from the what-do-you-think? dept.
Google has announced that its custom-made tensor processing units (TPUs) have been made available for rent on the Google Cloud Platform:
A few years ago, Google created a new kind of computer chip to help power its giant artificial intelligence systems. These chips were designed to handle the complex processes that some believe will be a key to the future of the computer industry. On Monday, the internet giant said it would allow other companies to buy access to those chips through its cloud-computing service. Google hopes to build a new business around the chips, called tensor processing units, or T.P.U.s.
[...] In addition to its T.P.U. chips, which sit inside its data centers, the company has designed an A.I. chip for its smartphones.
Right now, Google's new service is focused on a way to teach computers to recognize objects, called computer vision technology. But as time goes on, the new chips will also help businesses build a wider range of services, Mr. Stone said. At the end of last year, hoping to accelerate its work on driverless cars, Lyft began testing Google's new chips. Using the chips, Lyft wanted to accelerate the development of systems that allow driverless cars to, say, identify street signs or pedestrians. "Training" these systems can take days, but with the new chips, the hope is that this will be reduced to hours. "There is huge potential here," said Anantha Kancherla, who oversees software for the Lyft driverless car project.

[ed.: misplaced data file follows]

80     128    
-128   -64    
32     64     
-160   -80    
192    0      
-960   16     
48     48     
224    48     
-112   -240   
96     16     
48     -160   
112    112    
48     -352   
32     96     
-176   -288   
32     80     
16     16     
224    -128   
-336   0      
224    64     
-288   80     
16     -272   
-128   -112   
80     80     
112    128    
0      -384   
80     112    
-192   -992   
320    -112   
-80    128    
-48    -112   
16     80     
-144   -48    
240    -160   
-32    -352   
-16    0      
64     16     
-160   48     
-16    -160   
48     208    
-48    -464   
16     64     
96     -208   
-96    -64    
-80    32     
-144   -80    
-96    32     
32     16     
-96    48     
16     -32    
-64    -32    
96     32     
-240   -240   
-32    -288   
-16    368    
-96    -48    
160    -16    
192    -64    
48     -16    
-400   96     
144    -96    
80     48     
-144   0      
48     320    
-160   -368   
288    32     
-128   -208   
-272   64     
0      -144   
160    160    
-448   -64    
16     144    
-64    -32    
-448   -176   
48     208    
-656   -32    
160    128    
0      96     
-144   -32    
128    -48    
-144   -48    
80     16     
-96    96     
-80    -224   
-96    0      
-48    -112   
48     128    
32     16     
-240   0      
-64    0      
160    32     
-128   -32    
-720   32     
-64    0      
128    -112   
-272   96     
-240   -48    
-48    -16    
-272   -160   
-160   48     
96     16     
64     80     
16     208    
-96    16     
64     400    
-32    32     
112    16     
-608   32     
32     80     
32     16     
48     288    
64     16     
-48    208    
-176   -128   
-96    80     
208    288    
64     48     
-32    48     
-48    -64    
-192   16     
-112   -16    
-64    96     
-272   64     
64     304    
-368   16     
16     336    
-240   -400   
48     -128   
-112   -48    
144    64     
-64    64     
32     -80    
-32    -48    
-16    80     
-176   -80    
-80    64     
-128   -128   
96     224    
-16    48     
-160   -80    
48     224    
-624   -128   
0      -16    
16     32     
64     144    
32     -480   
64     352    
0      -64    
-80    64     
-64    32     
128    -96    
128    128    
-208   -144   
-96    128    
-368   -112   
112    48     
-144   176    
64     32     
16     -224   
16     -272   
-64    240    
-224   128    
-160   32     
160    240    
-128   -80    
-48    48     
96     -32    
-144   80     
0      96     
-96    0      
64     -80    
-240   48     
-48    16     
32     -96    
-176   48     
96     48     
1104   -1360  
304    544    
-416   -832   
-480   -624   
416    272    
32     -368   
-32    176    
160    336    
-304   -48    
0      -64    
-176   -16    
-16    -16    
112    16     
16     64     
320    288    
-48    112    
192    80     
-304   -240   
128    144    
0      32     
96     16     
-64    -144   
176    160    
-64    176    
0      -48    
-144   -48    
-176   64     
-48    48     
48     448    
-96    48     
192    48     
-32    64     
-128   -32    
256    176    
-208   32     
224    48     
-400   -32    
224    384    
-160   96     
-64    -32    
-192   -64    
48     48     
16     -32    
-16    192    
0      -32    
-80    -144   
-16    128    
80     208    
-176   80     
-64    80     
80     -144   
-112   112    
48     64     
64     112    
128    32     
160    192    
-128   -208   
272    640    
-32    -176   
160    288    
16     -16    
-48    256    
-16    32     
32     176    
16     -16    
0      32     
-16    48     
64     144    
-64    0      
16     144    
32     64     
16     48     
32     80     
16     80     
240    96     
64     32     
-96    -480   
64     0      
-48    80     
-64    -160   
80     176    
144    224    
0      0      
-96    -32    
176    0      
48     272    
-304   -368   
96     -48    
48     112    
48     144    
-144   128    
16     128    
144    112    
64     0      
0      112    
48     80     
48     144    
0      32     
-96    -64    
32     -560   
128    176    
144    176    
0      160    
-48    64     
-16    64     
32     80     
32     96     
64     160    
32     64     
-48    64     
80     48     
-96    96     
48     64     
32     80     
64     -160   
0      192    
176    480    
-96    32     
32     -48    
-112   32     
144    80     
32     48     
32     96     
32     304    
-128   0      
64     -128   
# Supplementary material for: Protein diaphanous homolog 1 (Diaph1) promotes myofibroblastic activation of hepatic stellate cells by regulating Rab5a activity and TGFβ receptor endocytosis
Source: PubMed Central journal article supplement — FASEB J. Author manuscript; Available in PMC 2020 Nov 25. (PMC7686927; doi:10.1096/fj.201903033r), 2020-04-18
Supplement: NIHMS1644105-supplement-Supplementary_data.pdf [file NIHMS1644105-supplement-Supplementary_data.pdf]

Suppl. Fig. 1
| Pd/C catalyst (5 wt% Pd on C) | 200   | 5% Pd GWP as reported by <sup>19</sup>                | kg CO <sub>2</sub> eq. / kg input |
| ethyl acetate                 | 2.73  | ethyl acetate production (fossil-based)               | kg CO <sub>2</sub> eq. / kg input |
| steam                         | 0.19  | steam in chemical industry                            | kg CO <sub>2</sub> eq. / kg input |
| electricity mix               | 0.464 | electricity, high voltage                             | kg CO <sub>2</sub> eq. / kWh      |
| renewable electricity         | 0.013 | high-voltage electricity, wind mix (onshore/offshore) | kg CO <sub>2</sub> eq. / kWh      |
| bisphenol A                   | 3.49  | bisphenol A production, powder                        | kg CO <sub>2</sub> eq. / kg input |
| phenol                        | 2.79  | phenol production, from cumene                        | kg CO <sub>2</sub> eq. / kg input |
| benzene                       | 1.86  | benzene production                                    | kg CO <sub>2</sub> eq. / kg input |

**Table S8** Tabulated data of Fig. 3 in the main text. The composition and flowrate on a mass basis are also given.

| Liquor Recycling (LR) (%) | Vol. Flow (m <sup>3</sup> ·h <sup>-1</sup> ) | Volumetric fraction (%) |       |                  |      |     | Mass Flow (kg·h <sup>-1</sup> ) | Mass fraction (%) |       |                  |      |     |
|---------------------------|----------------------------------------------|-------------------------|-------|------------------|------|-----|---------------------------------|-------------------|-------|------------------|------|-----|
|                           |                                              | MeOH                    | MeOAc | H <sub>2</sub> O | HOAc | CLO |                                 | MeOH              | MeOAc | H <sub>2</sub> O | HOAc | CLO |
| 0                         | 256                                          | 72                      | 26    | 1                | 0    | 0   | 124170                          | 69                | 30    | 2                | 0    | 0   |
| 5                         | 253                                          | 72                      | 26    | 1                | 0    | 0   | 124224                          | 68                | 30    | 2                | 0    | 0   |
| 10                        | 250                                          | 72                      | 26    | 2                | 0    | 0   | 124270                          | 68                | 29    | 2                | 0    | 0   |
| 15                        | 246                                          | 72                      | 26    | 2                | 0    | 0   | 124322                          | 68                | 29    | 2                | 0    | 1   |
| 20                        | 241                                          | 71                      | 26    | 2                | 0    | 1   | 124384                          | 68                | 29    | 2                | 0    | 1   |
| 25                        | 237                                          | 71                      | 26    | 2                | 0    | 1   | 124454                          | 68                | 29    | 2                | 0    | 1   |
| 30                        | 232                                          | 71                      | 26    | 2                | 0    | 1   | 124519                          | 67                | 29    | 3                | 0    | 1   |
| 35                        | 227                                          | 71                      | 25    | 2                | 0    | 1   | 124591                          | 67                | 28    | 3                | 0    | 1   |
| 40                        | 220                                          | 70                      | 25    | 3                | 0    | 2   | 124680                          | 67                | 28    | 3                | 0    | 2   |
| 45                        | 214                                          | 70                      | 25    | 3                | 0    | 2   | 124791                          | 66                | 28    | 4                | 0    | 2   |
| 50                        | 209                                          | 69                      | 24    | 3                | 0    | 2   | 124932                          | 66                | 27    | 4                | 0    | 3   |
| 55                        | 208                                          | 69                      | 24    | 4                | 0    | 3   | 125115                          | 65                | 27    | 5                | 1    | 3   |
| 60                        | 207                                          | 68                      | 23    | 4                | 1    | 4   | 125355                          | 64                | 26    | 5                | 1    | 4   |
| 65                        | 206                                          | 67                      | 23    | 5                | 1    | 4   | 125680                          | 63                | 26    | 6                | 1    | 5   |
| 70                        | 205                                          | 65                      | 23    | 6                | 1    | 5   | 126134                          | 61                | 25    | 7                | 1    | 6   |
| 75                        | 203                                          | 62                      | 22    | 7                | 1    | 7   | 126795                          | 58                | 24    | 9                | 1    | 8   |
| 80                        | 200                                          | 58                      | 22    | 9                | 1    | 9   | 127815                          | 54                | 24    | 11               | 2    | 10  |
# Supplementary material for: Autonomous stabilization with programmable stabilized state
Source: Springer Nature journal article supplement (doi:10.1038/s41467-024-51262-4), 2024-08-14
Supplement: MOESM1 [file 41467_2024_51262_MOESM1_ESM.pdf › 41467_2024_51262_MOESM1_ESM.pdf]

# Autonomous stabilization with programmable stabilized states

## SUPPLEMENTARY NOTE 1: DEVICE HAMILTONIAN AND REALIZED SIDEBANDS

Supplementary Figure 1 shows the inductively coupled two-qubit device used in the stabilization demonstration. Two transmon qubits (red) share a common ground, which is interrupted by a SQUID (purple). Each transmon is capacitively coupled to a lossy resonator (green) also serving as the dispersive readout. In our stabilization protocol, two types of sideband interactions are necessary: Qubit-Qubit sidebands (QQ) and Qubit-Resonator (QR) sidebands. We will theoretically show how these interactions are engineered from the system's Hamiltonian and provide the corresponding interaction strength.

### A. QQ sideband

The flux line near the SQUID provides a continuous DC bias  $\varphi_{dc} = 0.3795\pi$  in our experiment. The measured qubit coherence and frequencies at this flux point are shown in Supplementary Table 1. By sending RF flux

T.P.U. chips have helped accelerate the development of everything from the Google Assistant, the service that recognizes voice commands on Android phones, to Google Translate, the internet app that translates one language into another. They are also reducing Google's dependence on chip makers like Nvidia and Intel. In a similar move, it designed its own servers and networking hardware, reducing its dependence on hardware makers like Dell, HP and Cisco.
Google has designed a low-power version of its homegrown AI math accelerator, dubbed it the Edge TPU, and promised to ship it to developers by October. Announced at Google Next 2018 today, the ASIC is a cutdown edition of its Tensor Processing Unit (TPU) family of in-house-designed coprocessors. TPUs are used internally at Google to power its machine-learning-based services, or are rentable via its public cloud. These chips are specific[ally] designed for and used to train neural networks and perform inference.
Now the web giant has developed a cut-down inference-only version suitable for running in Internet-of-Things gateways. The idea is you have a bunch of sensors and devices in your home, factory, office, hospital, etc, connected to one of these gateways, which then connects to Google's backend services in the cloud for additional processing.
Inside the gateway is the Edge TPU, plus potentially a graphics processor, and a general-purpose application processor running Linux or Android and Google's Cloud IoT Edge software stack. This stack contains lightweight Tensorflow-based libraries and models that access the Edge TPU to perform AI tasks at high speed in hardware. This work can also be performed on the application CPU and GPU cores, if necessary. You can use your own custom models if you wish.
The stack ensures connections between the gateway and the backend are secure. If you wanted, you could train a neural network model using Google's Cloud TPUs and have the Edge TPUs perform inference locally.
Related: Google's New TPUs are Now Much Faster -- will be Made Available to Researchers
Google Renting Access to Tensor Processing Units (TPUs)
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